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7 x 3 Things to Make Ourselves and Our World Better in 2018 by Jason Edwards

Unity without uniformity. This is one thing I have long cherished about our church. There is a diversity of personal perspective in theology, politics and all manner of other subjects, but there are also numerous friendships that cross these lines of belief. These kinds of relationships don’t seem prevalent in our country and, honestly, they have seemed more difficult to maintain within our own church over the last year. Partisanship has intensified, and people want to huddle in groups where the disparity in belief is small.

We have never needed to learn to like people who are unlike us more than we do right now.

With that in mind, I asked our friend Ed Chasteen to distill some guidance for how we might do a better job learning from people who are unlike us in the coming year. Ed was a professor of sociology at William Jewell College, the founder and longtime leader of Hatebusters, and has been the Second Baptist Church Ambassador to other faith communities since the 80’s. Getting people to learn from and love people who are unlike them is his specialty.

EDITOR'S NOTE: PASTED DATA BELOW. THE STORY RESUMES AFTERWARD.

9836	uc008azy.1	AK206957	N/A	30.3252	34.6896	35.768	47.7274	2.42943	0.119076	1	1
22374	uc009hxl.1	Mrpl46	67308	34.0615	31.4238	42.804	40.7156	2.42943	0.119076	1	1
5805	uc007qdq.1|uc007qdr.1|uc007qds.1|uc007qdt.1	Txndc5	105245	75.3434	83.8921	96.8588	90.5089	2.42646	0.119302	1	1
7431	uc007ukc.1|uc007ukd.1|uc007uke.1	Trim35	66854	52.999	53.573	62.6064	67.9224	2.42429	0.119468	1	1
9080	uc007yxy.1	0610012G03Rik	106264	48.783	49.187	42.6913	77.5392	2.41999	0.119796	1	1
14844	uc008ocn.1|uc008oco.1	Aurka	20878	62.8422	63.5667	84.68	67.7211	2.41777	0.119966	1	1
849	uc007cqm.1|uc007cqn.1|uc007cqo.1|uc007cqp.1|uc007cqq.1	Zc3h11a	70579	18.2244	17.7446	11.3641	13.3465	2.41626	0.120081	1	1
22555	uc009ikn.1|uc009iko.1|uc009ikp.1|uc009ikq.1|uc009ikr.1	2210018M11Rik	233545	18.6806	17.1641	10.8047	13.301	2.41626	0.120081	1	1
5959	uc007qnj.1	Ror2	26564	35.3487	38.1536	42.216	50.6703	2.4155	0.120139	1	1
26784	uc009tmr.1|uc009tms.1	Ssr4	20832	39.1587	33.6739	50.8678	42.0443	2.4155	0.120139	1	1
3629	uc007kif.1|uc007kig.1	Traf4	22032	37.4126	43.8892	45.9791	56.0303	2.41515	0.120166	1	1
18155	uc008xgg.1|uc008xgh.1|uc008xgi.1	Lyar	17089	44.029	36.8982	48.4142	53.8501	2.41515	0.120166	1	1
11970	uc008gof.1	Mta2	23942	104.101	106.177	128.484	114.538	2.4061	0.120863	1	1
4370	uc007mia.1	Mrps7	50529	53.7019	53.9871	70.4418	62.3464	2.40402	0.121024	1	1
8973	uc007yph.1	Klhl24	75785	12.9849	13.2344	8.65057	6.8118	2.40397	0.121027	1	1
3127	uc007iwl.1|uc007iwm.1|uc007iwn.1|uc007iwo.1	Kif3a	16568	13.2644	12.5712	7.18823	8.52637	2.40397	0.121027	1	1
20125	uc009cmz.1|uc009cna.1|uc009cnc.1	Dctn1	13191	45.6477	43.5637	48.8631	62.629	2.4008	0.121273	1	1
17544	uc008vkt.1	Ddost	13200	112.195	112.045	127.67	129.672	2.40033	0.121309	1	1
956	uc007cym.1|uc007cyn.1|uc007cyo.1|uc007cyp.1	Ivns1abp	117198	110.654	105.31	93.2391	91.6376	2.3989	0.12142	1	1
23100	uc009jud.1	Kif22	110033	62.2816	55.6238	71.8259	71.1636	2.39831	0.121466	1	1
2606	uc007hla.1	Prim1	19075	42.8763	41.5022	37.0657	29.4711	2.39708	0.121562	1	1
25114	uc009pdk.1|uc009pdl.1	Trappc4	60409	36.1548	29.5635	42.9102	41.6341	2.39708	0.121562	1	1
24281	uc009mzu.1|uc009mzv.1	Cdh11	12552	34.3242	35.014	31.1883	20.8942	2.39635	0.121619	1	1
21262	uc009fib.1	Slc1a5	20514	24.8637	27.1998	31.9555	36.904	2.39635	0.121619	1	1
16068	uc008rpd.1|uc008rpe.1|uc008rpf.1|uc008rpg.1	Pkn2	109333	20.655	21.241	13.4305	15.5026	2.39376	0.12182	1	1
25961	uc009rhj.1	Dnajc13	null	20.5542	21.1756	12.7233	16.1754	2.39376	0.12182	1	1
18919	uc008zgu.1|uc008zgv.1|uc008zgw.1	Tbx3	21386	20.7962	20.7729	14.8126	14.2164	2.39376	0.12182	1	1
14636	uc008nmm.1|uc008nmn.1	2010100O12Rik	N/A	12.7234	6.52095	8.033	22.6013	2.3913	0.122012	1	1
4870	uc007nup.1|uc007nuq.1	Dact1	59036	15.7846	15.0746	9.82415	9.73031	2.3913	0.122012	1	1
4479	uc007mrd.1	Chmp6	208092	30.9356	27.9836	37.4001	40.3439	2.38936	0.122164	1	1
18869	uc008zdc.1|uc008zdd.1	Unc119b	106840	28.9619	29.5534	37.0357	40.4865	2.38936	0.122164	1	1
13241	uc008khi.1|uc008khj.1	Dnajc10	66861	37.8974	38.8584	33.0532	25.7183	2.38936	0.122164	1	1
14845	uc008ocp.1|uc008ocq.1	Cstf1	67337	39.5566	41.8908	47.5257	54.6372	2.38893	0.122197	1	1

In short, Ed says when we encounter people who are different from us (in perspective, culture, religion, race, etc.), we should first choose to believe these things seven things:

  1. Their ways make as much sense as mine
  2. But for my circumstances, I could be them
  3. “Who’s right?” is the wrong question
  4. I may never agree with them, but I can relate to them
  5. They are as attached to their way as I am to mine
  6. The world would be a poorer place if they did not exist
  7. Only by understanding them do I come to understand myself

Next, we should think about these seven things:

  1. What are the basic differences between us?
  2. How and when did our differences start?
  3. How am I like them?
  4. Are they as uncertain about how to relate to me?
  5. What is really happening in my encounter with them?
  6. How will my children and theirs relate to each other?
  7. What does knowing those who are not like me tell me about myself?

Finally, if we want to go NEXT LEVEL, we should consider doing these seven things to learn from and like people who are REALLY unlike us:

  1. Learn another language
  2. Visit ethnic communities; attend their place of worship
  3. Eat their foods
  4. Study other cultures
  5. Put yourself in uncomfortable situations
  6. Feel good about not trying to change them
  7. Don't pretend to understand